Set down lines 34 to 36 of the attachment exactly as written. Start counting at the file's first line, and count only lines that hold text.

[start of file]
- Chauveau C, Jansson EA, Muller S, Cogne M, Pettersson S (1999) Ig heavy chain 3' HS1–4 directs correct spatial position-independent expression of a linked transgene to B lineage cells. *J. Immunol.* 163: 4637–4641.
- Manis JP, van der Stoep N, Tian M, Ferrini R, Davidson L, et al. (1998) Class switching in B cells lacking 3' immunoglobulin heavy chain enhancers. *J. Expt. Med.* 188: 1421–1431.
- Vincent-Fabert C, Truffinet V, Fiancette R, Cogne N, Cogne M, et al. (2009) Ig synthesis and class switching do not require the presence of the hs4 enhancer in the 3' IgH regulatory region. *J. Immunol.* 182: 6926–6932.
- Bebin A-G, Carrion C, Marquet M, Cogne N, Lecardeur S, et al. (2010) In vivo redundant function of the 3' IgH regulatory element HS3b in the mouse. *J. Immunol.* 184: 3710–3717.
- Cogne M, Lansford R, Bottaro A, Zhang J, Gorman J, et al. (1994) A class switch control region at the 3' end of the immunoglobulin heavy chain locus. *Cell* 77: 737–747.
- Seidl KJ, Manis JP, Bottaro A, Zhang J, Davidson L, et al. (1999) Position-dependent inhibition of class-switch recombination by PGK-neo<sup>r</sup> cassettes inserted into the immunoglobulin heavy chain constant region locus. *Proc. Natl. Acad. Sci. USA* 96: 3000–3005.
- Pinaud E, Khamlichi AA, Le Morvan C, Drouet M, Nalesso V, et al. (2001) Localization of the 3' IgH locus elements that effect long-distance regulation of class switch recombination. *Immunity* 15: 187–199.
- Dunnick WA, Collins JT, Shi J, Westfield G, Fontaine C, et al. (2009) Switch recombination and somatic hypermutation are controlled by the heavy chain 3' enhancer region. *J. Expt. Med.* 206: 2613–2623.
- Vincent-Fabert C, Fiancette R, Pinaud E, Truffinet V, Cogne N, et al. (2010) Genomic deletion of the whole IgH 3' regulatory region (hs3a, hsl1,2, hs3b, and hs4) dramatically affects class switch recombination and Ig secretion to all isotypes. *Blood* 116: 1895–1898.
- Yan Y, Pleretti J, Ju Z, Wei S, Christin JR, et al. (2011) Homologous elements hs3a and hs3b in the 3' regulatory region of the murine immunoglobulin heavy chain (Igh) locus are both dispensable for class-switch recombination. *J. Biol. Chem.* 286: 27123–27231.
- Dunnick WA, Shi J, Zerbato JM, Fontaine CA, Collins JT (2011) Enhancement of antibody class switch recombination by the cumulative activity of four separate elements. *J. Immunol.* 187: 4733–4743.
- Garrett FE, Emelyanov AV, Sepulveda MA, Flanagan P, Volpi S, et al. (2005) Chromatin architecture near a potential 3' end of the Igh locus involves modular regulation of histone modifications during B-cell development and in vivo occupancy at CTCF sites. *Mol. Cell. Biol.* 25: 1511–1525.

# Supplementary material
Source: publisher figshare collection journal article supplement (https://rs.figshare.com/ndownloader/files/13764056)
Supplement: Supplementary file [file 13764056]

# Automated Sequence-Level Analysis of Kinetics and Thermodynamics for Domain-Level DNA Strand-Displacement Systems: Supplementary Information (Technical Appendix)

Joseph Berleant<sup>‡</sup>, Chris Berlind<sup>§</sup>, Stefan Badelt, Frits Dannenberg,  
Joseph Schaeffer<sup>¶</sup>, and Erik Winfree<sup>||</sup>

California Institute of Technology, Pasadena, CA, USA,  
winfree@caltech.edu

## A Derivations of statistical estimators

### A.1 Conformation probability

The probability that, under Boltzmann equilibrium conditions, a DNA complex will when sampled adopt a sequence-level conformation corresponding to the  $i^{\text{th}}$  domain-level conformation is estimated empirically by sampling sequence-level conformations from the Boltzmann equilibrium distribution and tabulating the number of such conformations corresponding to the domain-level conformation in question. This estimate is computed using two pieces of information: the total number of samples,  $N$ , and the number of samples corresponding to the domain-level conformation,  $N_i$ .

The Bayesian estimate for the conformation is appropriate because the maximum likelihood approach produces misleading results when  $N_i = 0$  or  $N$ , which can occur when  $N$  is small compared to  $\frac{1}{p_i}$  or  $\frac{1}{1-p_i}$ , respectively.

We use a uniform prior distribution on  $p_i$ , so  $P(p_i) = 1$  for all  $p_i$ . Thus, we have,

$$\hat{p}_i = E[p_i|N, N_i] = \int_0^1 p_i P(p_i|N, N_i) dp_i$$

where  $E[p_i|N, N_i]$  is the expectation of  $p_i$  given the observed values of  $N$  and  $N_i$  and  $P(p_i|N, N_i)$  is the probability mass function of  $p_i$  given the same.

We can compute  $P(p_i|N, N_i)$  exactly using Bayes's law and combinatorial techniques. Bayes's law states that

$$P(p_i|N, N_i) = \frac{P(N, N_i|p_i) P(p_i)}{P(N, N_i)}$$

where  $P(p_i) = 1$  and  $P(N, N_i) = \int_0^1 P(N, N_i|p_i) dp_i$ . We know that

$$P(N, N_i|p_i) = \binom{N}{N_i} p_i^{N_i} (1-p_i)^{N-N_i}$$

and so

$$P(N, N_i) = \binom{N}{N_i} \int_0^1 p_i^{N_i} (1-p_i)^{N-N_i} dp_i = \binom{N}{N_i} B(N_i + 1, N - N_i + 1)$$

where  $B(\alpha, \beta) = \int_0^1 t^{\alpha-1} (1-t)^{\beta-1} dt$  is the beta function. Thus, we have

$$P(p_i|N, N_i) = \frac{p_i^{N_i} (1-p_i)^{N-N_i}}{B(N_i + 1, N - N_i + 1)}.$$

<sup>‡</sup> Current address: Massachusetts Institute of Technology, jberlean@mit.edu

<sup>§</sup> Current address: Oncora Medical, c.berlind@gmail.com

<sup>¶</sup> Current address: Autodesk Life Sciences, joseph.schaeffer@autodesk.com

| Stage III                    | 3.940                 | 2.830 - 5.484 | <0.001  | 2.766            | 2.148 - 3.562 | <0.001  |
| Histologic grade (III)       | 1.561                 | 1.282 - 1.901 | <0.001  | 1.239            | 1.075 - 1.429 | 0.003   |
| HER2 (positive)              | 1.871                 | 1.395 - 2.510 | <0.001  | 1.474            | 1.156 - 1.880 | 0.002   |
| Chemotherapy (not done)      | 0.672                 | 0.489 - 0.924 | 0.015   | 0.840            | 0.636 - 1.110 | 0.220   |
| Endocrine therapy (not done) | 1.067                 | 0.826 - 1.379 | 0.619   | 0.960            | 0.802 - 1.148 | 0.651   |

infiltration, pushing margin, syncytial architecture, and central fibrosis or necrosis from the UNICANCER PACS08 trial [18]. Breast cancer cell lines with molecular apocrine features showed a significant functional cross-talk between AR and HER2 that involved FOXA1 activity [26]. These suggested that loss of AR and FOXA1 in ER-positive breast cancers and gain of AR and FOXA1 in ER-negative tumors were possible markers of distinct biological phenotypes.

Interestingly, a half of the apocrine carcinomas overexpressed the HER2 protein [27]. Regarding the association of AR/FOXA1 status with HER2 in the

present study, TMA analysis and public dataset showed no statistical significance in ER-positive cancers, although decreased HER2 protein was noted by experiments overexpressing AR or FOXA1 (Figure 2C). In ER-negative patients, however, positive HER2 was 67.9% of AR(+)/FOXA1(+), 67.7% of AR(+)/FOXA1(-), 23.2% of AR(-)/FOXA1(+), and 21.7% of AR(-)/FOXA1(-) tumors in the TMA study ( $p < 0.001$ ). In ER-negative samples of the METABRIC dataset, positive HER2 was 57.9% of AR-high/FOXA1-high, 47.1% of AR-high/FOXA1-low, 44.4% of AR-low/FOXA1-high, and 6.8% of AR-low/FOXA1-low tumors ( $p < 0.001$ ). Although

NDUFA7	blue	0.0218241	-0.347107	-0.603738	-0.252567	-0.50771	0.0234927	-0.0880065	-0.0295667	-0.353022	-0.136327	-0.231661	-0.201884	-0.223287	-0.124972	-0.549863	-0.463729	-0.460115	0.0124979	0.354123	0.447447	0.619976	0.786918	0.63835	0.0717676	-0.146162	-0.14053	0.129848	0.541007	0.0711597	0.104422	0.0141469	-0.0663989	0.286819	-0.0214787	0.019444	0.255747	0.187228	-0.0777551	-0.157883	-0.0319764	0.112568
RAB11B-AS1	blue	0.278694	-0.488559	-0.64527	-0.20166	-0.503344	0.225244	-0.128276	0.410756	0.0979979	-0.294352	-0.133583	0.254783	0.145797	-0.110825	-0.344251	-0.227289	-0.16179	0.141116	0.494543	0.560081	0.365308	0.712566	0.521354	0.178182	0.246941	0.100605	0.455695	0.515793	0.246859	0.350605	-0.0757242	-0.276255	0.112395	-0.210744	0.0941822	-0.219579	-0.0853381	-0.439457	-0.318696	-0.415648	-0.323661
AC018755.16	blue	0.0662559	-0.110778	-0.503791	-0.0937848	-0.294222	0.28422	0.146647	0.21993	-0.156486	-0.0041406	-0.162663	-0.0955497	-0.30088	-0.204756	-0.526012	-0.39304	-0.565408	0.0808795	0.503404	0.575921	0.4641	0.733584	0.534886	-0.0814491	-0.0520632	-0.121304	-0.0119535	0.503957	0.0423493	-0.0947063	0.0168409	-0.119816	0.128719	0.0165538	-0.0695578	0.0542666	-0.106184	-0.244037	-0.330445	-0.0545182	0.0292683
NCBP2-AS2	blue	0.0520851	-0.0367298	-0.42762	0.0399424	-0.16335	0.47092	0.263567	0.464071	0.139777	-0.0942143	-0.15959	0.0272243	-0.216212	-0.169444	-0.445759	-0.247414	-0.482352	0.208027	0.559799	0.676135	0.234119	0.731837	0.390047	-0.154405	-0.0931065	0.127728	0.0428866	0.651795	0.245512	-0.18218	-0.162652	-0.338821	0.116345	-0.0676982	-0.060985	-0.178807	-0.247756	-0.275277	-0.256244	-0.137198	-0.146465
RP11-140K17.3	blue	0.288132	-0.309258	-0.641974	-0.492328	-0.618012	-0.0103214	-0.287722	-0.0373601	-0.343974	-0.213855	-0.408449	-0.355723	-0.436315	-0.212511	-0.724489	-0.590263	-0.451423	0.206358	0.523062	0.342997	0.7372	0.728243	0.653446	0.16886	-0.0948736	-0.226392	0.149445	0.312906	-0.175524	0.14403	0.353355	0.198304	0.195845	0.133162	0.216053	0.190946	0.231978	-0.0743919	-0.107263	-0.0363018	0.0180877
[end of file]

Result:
where  $B(\alpha, \beta) = \int_0^1 t^{\alpha-1} (1-t)^{\beta-1} dt$  is the beta function. Thus, we have

$$P(p_i|N, N_i) = \frac{p_i^{N_i} (1-p_i)^{N-N_i}}{B(N_i + 1, N - N_i + 1)}.$$

<sup>‡</sup> Current address: Massachusetts Institute of Technology, jberlean@mit.edu